“Hi-Yo Silver — A fiery horse with the speed of light, a cloud of dust and a hearty Hi-Yo Silver … the Lone Ranger! With his faithful Indian companion, Tonto, the daring and resourceful masked rider of the plains led the fight for law and order in the early West… Return with us now to those thrilling days of yesteryear… The Lone Ranger rides again!” (introduction for The Lone Ranger radio broadcast – listen here)
This year marks the 80th anniversary of the legend of The Lone Ranger, which first aired on WXYZ radio Detroit in February 1933. The hallmarks of the classic show have long since been enveloped into our cultural memory: the exciting strains of the William Tell Overture, the silver bullet, the white stallion, the monosyllabic Native American side-kick, and the word “kemosabe.” 6’3″ sportsman Brace Beemer became the voice and face of the Lone Ranger from 1941 until the show’s final episode in 1954.
Republic Pictures released a couple of Lone Ranger serials in the late 30s. The Lone Ranger television series (1949-57) was the ABC network’s highest-rating show throughout the 50s, making the “masked rider of the plains” an American institution. Clayton Moore and Jay Silverheels played the Lone Ranger and Tonto in all eight seasons of the television show and in both the 1956 and 1958 feature-length movies.
Although the Lone Ranger was hot stuff back in the 50s, it’s been pretty much lame game ever since. How does the Johnny Depp/Armie Hammer version measure up?
Things THE LONE RANGER (2013) does right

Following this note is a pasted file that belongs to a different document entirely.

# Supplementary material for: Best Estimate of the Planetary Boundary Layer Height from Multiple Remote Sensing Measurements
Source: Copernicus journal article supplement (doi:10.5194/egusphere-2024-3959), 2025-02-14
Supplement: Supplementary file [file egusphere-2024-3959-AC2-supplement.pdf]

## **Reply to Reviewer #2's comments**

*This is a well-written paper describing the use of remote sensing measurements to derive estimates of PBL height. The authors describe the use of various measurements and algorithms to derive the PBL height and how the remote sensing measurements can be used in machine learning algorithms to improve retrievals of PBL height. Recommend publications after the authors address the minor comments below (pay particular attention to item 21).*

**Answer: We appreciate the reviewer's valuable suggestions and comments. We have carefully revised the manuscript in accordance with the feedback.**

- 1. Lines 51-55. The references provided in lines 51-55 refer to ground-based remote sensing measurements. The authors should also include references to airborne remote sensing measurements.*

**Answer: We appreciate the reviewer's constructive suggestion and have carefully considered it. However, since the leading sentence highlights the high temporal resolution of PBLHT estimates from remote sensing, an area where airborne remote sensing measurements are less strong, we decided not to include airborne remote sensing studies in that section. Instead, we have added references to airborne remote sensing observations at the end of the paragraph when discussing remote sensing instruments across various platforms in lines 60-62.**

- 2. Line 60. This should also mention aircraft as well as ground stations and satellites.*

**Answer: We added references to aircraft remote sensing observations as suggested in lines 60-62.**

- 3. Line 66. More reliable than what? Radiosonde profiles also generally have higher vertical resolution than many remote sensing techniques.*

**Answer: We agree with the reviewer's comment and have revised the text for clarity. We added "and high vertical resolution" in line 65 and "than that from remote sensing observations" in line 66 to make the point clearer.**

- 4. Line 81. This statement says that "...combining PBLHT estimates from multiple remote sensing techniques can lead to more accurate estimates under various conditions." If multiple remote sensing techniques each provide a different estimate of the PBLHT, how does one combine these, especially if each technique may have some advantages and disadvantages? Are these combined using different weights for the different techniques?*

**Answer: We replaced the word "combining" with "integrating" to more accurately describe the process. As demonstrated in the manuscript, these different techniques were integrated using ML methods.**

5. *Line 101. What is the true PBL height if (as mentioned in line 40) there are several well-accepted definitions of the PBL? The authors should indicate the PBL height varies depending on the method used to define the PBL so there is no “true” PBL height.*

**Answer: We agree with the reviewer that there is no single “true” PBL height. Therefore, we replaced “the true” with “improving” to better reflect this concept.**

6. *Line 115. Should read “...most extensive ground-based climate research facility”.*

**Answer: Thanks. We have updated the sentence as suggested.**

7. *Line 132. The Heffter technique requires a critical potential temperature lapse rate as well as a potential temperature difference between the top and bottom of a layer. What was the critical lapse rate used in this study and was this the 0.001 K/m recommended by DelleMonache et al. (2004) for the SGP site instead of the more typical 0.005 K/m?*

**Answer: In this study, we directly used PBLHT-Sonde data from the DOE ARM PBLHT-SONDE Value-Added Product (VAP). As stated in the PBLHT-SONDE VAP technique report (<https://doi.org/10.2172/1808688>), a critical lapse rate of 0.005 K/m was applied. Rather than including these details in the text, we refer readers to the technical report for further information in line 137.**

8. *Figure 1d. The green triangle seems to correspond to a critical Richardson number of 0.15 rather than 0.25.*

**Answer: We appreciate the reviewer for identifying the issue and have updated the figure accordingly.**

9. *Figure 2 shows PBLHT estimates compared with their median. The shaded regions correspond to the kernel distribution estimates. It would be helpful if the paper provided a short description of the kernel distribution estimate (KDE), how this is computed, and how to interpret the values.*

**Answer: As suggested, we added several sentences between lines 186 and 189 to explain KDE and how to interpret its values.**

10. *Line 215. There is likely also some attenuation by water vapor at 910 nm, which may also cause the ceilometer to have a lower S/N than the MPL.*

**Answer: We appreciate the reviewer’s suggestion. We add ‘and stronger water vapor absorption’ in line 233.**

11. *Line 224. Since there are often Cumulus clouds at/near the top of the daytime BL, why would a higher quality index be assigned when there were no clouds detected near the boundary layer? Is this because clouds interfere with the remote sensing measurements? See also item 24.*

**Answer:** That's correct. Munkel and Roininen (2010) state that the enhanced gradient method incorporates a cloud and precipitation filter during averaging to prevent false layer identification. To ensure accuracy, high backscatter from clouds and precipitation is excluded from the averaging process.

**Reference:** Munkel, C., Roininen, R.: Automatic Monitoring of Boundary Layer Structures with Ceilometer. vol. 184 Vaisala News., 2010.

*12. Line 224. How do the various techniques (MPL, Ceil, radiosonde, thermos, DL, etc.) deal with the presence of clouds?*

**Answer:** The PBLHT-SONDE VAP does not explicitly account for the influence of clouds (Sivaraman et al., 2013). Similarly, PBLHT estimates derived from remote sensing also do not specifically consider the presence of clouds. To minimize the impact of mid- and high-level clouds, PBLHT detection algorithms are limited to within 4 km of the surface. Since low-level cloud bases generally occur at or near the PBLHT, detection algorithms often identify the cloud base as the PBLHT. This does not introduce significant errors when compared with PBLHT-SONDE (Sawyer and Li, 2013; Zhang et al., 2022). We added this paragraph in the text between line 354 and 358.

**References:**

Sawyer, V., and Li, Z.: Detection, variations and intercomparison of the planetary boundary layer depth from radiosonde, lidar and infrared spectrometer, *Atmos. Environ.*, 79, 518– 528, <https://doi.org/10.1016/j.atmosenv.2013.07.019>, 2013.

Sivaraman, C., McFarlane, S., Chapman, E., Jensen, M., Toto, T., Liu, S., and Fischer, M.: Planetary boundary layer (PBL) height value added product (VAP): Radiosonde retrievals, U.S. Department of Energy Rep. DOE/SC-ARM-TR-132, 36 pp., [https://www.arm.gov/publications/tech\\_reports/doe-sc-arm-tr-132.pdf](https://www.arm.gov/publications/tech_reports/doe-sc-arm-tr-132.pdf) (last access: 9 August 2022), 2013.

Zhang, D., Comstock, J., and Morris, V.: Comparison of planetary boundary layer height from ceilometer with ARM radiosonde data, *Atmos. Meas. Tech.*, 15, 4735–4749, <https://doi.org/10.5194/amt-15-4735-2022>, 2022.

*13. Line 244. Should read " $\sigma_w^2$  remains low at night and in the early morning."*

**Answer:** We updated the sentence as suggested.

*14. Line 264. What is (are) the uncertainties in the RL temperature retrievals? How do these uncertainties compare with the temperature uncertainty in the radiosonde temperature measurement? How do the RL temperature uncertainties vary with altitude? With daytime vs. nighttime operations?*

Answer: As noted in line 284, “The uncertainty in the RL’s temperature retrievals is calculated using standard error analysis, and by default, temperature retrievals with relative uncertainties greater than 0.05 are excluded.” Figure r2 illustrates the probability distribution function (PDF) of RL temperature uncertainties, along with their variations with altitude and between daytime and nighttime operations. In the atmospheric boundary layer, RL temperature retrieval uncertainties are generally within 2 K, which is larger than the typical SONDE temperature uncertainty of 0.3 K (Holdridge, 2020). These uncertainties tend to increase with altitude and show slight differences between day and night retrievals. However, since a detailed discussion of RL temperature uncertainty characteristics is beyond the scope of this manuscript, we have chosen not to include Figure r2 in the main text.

Johnny Depp. The man is hilarious. He turns the Tonto character completely around, from a stereotypical dumb Indian to a capable, though quirky, Native American man. Tonto is more central to the action of this movie than John Reid (Hammer), and you could almost say he deserves the title Lone Ranger more than the dumb white lawyer.
The horse Silver. In the original radio show, Silver became loyal to the Lone Ranger after the ranger saved Silver being killed by a buffalo. That’s not exactly how it happens in the movie, but Silver is still a pretty beautiful animal. He can jump really high (I mean really high) and can run really fast (really). And he can talk to Tonto. Or Tonto can talk to him. I’m not quite sure which.
The William Tell Overture. It’s pretty epic. I cannot think of a better piece of music for charging across the western frontier on a snow-white horse blowing things up with nitro glycerine. It sure does get the blood pumping, and no movie about the Lone Ranger could be complete without it.
The story about why the Lone Ranger wears his mask is actually fairly accurate to the original radio show. He was with a bunch of other rangers who were ambushed by Butch Cavendish. Tonto discovers the bodies, and when he notices that John Reid isn’t dead, he makes a fake grave to fool the outlaws. He then nurses the Lone Ranger back to health and becomes his trusty companion in tracking down his attackers. The film was even true to the part about the Lone Ranger’s mask being made from his brother’s bullet-torn vest.